Of all respondents, 16.9% (n=168) were smokers in 2008 (table 2). Smoking rates were 14.4% (n=86) among women and 20.4% (n=82) among men (p<0.05). The majority of respondents were married or cohabiting, had higher education and perceived their health to be very good (table 2).
The majority of smokers had lower education while only less than one-third of non-smokers had lower education (table 3). This difference was statistically significant. A statistically significant difference was found between smokers’ and non-smokers’ self-perceived state of health. One in ten non-smokers but one in four smokers reported their self-perceived health to be other than very good (table 3). There were also statistically significantly more women among non-smokers (table 3).
There was a strong connection with the smoking behaviour of the current close friend. Among those men who currently had a smoking close friend it was 7.1 (95% CI 3.6 to 14.0) times more likely that they, too, were smokers. This connection was slightly weaker but still significant among women (OR 4.7, 95% CI 2.5 to 8.6). Among women having a smoker as a close friend in school was connected with more than five times greater likelihood of being a smoker in adulthood (OR 5.1, 95% CI 2.6 to 10.0). No connection with smoking behaviour of close friend in school was observed in men. Smoking of mother, brother or sister when the participant was of school age increased the likelihood of being a smoker more than twofold among men, but the smoking habit of any family member had no effect among women. The smoking behaviour of father when the participant was of school age did not have a connection with the participant's smoking behaviour in adulthood.
In the adjusted model, we combined all the family members and best friends (current and in schooldays) with the measured confounders into a multivariate logistic regression (table 4). The impact of friends (current or in schooldays) persisted in the adjusted model while that of all the family members disappeared (table 4). Self-perceived health and marital status had an independent connection with smoking behaviour in adulthood, but the strength of these connections was less than that of the influence of close friends.
This study ascertained the gravity of the implications of having a smoking parent, sibling or friend. The greatest impact on adult smoking comes from the current close friend. We see this as a result of orientation—we want a friend who reminds us of ourselves. We think that people who smoke see smoking as a part of their self-image and thus tend to have friends who also are smokers. Friends who smoke increase the likelihood of their friends continuing smoking.27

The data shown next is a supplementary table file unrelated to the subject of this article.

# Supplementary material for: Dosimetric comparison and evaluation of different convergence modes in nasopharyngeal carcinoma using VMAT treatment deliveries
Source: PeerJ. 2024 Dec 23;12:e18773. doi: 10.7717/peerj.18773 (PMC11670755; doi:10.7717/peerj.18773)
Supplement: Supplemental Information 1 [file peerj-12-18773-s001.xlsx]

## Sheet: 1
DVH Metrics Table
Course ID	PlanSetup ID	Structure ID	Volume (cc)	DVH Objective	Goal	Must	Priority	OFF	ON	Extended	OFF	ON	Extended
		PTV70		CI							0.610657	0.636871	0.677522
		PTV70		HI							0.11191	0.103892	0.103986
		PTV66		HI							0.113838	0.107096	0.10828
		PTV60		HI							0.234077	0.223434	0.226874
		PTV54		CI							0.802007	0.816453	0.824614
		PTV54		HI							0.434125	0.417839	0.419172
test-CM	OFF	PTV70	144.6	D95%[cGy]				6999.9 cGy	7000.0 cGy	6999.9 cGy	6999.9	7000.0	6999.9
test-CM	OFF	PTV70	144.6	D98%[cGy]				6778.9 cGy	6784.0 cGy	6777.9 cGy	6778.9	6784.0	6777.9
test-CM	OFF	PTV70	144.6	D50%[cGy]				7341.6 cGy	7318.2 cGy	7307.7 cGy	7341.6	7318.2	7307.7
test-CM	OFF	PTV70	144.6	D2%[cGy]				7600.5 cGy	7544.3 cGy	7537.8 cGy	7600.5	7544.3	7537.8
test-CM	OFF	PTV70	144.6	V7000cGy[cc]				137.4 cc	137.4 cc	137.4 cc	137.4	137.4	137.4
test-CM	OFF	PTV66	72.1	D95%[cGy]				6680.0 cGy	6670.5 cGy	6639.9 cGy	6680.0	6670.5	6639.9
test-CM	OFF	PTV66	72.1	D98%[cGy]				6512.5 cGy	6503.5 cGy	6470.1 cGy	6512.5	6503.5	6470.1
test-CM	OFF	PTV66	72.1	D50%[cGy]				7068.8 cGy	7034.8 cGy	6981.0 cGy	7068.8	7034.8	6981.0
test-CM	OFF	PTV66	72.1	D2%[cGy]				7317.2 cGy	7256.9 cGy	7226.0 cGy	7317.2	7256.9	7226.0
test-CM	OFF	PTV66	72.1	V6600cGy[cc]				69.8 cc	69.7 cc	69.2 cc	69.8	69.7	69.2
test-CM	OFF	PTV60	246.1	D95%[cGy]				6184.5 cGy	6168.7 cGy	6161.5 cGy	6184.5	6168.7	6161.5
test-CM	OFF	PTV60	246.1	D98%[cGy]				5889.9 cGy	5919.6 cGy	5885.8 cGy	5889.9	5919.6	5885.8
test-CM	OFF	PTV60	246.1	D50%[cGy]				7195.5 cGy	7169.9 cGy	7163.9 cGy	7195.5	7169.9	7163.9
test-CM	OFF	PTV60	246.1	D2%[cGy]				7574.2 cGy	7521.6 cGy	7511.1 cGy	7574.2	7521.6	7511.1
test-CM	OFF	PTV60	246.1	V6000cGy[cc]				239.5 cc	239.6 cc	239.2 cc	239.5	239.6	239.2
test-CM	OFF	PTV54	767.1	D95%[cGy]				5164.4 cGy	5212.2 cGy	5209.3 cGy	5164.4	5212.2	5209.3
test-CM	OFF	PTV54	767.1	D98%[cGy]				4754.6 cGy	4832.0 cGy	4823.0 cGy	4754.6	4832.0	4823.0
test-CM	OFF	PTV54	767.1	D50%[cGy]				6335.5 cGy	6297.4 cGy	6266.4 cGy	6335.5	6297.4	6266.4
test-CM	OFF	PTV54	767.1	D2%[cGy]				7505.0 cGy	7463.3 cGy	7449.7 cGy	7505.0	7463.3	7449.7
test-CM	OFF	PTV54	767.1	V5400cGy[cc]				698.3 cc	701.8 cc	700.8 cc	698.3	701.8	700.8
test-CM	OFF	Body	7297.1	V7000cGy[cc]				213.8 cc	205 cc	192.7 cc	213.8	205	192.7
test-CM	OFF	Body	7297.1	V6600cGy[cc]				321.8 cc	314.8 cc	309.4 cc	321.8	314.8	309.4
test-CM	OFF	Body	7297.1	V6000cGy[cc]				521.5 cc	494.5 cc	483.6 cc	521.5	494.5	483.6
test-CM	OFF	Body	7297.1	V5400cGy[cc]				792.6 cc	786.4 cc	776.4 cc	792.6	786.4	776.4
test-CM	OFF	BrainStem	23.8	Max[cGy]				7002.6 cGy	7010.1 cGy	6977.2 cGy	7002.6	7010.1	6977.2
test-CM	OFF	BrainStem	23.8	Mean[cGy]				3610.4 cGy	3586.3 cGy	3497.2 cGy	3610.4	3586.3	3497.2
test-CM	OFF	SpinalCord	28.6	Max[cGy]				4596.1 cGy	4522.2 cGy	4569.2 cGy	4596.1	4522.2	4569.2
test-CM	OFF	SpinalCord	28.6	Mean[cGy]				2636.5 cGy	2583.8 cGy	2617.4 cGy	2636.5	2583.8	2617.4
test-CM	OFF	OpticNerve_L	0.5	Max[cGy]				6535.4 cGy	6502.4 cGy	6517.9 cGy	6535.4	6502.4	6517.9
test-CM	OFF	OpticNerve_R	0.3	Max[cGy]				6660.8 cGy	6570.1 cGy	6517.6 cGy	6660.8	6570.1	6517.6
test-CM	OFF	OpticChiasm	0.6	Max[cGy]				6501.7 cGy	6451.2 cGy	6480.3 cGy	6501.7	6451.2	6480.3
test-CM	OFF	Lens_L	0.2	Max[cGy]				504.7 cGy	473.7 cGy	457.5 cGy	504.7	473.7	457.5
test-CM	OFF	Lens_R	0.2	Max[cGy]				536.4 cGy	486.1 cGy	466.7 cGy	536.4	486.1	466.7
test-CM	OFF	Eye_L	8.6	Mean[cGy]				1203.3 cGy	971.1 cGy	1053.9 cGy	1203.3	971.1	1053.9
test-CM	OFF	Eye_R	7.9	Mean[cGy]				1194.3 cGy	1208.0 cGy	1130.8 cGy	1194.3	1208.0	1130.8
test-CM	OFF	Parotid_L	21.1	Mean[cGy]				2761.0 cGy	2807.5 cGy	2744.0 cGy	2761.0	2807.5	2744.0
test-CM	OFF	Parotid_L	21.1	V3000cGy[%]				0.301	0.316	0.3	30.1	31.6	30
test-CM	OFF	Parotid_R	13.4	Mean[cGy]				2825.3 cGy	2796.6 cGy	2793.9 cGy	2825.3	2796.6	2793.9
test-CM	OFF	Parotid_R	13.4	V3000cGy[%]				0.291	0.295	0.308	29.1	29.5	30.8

Earlier studies have focused mainly on groups like families, siblings or friends in general. We studied the influences of all the immediate family members (mother, father, sister and brother) and close friends in schooldays and in adulthood, separately and from the same cohort. A recently published Finnish study concurs with our results about the importance of best friend’s influence over family member influences.28 This increases the reliability of our results. Our population is representative of Finns and our results can be generalised to comparable populations.
In an older American study, it was concluded that male best friends have a greater influence on smoking initiation.19 In our results men seemed to be less influenced by their best friends in school than were women. However, our interest was more in the persistence of smoking to adulthood and from this type of data the direction of causality cannot be determined. The gender differences could be explained by differences in social networking between men and women.29 Girls tend to form intense bilateral friendships while boys’ social networks are in large packs with looser bonds of friendship. We still do not know who influences whom when it comes to transferring smoking behaviour from one friend to another.